Iron Ranger Review - The Best Boots Money Can Buy

Recently, I've become a sucker for good boots. Good products in general - things that will last close to a lifetime. Enter Red Wing Boot. You can't really go wrong with any model but in this case I'm going to talk about the Iron Ranger. It is, in my opinion, the best boot money can buy.

After researching dozens of boot makers, buying some, and countless Pinterest boards, my favorite and the best boot I have found is the Red Wing Iron Ranger.

It wasn't nearly the cheapest, sure. They'll run you $300 new, from a Red Wing store. But I'd take something that'll last 20 years, and pay a little extra for it vs. something I'll pay less for and that'll blow out in 6 months. 

Why boots, might you ask? Who puts research and thought into boots? Well, someone who was once addicted to shoes. I've since moved on and have come to realize quality over quantity is incredibly important, especially when it comes to footwear. 

Footwear shouldn't be skimped on. If you're going to be wearing them year round - like you could with a pair of Iron Rangers - I highly recommend you do your research and are prepared to spend a few extra pennies on something that'll last.

The Road to the Rangers

Oh man - where to begin. Ahh yes, the beginning. That's right.

So the first pair of "boots" I got were two very cheaply made, yet very expensive boots from Banana Republic. They were on sale, yet still very expensive. Anyway, they inspired me to buy better boots the moment I put them on. 

From them I graduated to a few pairs of Clarks, which were great, but were a silhouette I couldn't quite pull off. I like wearing my shoes fairly loosely - meaning I don't like the look of very tightly tied sneakers or boots. And Clarks Desert boots you can't really wear too loosely. I didn't think I'd ever find a boot that I jived with!

So, how did I stumble across Iron Rangers? Well I had a pair of 1907 moc toe boots that were way too big for me as I'd come to find out. So I did some research and came across what is called Goodyear Welt.

A Goodyear welt is a strip of leather, rubber, or plastic that runs along the perimeter of a shoe outsole. This helps with boot longevity and is very aesthetically pleasing when it comes to boots. Plus, they are easy to recraft, more weather-resistent, and plenty of workboots on the market are crafted as such.


First, I judged the boots on their aesthetics. And let’s be honest, these boots are very stylish. The can be worn to your job at the ad agency, or on a hike. If you wanted something for actual manual labor, you'd want a clunky steel-toe.

Firstly, I fell in love with the aesthetics of the boot itself. Aesthetics is the design and overall look of the boot. And let’s be honest that these are boots you’re buying for appearances–if you wanted a boot for real work, you’d get something ugly with a safety toe. Being in love with the look of the boot, it was a sure thing I was going to buy a pair as I walked into the Red Wing store. I was worried about the fit, though.

Having had a pair previously - granted a totally different model - I didn't know what to expect. So I got my foot measured and found out I needed a half a size down from my normal shoe size. So I went from a 10 to a 9.5, and they honestly fit like a glove.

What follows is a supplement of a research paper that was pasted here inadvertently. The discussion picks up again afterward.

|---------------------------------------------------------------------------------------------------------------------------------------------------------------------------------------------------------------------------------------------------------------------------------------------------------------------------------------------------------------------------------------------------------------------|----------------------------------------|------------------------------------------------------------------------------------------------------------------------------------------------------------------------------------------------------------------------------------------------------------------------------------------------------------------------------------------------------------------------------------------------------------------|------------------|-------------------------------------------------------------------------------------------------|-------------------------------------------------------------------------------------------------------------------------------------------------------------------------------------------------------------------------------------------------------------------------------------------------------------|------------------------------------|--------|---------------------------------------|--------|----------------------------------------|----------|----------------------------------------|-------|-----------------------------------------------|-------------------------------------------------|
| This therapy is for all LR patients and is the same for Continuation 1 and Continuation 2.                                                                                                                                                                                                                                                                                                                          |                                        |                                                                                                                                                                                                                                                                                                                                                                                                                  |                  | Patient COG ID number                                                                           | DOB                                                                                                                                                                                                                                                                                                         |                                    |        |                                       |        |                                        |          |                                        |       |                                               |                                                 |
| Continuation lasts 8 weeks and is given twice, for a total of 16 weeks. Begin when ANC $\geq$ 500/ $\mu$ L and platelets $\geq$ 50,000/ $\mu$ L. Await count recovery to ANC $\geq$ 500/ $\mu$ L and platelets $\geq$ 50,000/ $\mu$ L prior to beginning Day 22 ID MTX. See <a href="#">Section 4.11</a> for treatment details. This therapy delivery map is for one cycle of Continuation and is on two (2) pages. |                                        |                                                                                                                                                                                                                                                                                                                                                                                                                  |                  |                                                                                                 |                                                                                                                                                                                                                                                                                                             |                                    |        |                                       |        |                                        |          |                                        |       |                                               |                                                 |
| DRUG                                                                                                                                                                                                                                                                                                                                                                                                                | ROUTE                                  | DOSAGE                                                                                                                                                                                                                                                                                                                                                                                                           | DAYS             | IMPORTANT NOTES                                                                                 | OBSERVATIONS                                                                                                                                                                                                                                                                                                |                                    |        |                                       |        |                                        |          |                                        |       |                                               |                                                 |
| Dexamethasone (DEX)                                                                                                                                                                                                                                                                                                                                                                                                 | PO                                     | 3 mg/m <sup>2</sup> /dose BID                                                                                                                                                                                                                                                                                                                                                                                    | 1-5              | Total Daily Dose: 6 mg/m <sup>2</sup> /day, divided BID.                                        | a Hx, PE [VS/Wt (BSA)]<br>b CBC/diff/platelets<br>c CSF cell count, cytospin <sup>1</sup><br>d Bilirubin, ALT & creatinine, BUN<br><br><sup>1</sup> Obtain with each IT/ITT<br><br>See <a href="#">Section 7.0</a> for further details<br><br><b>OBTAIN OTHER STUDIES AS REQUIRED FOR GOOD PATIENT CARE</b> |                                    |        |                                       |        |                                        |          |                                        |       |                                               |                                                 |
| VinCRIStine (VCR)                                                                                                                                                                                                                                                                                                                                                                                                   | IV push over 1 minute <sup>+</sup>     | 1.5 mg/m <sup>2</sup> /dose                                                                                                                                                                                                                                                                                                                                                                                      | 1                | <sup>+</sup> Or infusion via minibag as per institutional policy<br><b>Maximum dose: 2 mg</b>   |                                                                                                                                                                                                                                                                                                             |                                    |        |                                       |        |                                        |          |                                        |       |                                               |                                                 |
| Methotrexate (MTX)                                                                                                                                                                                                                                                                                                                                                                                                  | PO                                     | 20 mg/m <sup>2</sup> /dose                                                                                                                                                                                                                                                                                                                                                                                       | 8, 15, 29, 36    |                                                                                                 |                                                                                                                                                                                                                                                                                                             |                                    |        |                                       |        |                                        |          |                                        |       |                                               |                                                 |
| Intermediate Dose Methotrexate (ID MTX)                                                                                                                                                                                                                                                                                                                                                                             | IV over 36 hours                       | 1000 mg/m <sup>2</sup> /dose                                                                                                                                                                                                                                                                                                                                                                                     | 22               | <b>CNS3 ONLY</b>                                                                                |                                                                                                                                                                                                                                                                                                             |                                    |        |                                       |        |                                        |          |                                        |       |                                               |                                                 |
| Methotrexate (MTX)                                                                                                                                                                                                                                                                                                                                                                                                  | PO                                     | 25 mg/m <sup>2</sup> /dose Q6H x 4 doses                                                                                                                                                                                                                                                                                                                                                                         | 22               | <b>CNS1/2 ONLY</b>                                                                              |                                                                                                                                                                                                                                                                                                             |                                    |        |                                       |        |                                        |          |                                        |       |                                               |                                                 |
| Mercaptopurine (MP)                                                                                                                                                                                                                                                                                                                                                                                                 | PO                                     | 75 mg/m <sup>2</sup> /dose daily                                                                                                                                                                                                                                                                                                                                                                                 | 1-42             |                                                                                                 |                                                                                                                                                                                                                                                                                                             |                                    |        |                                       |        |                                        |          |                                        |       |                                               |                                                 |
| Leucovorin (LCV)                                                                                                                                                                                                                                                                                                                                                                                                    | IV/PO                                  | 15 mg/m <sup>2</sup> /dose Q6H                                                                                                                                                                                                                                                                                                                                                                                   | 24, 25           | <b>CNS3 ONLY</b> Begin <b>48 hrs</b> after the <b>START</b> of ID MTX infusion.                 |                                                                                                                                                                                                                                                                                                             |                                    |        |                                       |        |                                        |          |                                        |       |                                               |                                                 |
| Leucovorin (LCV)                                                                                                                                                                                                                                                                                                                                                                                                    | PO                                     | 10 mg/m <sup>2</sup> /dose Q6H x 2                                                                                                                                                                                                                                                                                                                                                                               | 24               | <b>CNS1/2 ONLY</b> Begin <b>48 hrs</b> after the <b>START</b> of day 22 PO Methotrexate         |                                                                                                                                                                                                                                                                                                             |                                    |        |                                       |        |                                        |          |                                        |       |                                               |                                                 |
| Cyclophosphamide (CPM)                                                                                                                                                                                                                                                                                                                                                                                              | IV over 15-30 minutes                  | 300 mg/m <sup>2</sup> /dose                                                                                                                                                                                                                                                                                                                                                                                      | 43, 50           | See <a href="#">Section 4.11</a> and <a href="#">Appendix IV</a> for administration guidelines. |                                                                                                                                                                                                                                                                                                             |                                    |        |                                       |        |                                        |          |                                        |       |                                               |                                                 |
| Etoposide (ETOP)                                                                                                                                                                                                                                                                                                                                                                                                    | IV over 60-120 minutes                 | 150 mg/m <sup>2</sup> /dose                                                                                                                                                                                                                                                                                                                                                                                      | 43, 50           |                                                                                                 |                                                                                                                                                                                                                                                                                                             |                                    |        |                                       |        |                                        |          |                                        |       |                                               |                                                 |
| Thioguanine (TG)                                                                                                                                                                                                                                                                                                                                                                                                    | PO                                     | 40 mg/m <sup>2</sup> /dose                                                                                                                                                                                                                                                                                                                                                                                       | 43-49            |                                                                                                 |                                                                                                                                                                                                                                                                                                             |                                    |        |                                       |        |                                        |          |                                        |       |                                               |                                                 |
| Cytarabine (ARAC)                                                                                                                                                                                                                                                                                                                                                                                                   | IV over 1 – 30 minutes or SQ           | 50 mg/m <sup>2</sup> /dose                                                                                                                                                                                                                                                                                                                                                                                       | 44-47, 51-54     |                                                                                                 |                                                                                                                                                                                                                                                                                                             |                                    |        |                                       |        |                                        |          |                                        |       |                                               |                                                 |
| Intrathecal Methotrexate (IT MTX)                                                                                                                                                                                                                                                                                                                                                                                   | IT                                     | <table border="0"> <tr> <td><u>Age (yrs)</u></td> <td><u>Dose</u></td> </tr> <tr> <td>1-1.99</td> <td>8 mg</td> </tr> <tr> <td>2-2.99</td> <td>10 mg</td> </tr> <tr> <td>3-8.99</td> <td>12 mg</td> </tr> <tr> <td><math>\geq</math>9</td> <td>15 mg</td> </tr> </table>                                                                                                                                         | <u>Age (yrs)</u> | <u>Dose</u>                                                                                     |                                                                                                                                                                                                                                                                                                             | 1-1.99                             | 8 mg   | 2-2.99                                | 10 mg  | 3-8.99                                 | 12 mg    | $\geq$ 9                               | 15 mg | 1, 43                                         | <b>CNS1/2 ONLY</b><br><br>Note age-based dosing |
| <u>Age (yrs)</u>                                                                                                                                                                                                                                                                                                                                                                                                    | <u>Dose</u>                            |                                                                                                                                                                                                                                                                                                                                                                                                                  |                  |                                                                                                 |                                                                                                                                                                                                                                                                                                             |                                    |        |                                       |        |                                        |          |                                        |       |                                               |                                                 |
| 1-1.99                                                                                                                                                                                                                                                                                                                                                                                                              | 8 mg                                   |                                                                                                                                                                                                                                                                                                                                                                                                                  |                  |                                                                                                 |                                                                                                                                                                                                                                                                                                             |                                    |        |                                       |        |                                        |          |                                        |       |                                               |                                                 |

Like, you hear people say "fit like a glove", and that's great, but these fit like an actual foot glove. It was crazy. They popped into place, almost. Having already fell in love, I only need to take a few test steps before telling the salesmen, "I'll take 'em!"

Gulp - these things weren't cheap. I know I mentioned it above, but the price will always stick out in my mind. Clocking in at just over $300 - they took a good chunk out of my bank account. Which is fine - because quality should win every time. And these are a huge W in my book. In fact, I loved them so much, I bough another - much cheaper - pair on Amazon only a few weeks later. The reason I didn't initially buy them on the 'zon was simply because of fit. I knew my 1907 Moc Toe's were a bit on the big side, but I didn't know how big. So it's safe to say, if you're buying Red Wing's online, go a half-size down. They'll stretch, too, because of the high quality leather they're made out of. So fear not should you need to order a totally foreign size.

Background and Details

Aside from a few, very minimal design tweaks, the boot itself was inspired by boots worn by mid-century iron miners. It's versatile enough to still do that were an iron miner wish to wear them today, but also go well with todays fashion-forward folks.

For all you fashion-minded folks be warned, these things take a while to break in. And when I say a while, I mean a good 6 weeks of solid wear. I personally like to wear my boots more loosely, really give it that Wu-Tang Clan vibe, so I had to break them in extra long. But the minimal amount of pain and overall weird feelingness (I hate wearing very tightly tied boots), the wait was totally worth it.

The Iron Ranger is put together with triple-stitched waxed threads and, should anything go wrong with the boot, just send it back and the adjustments will be made free-of-charge. Both of my pairs were great straight out of the box but, honestly, even if there were a few mark-ups I wouldn't care. These things are meant to be worn, and worn ruggedly. So the most dusty and ripped up they look, it just adds to the character of the boot.

Overall, I highly recommend these boots to anyone looking for a good pair. One downside is, with one of my pairs, the sole itself doesn't have any traction. It's summer in Minnesota currently, so I don't care too much, but come winter time these babies may be staying inside. That is, unless I wear them enough to build some traction into the sole.

Regardless of my future wearing these, please go get yourself a pair if you're in the market for a new set of boots. You'll be glad you did!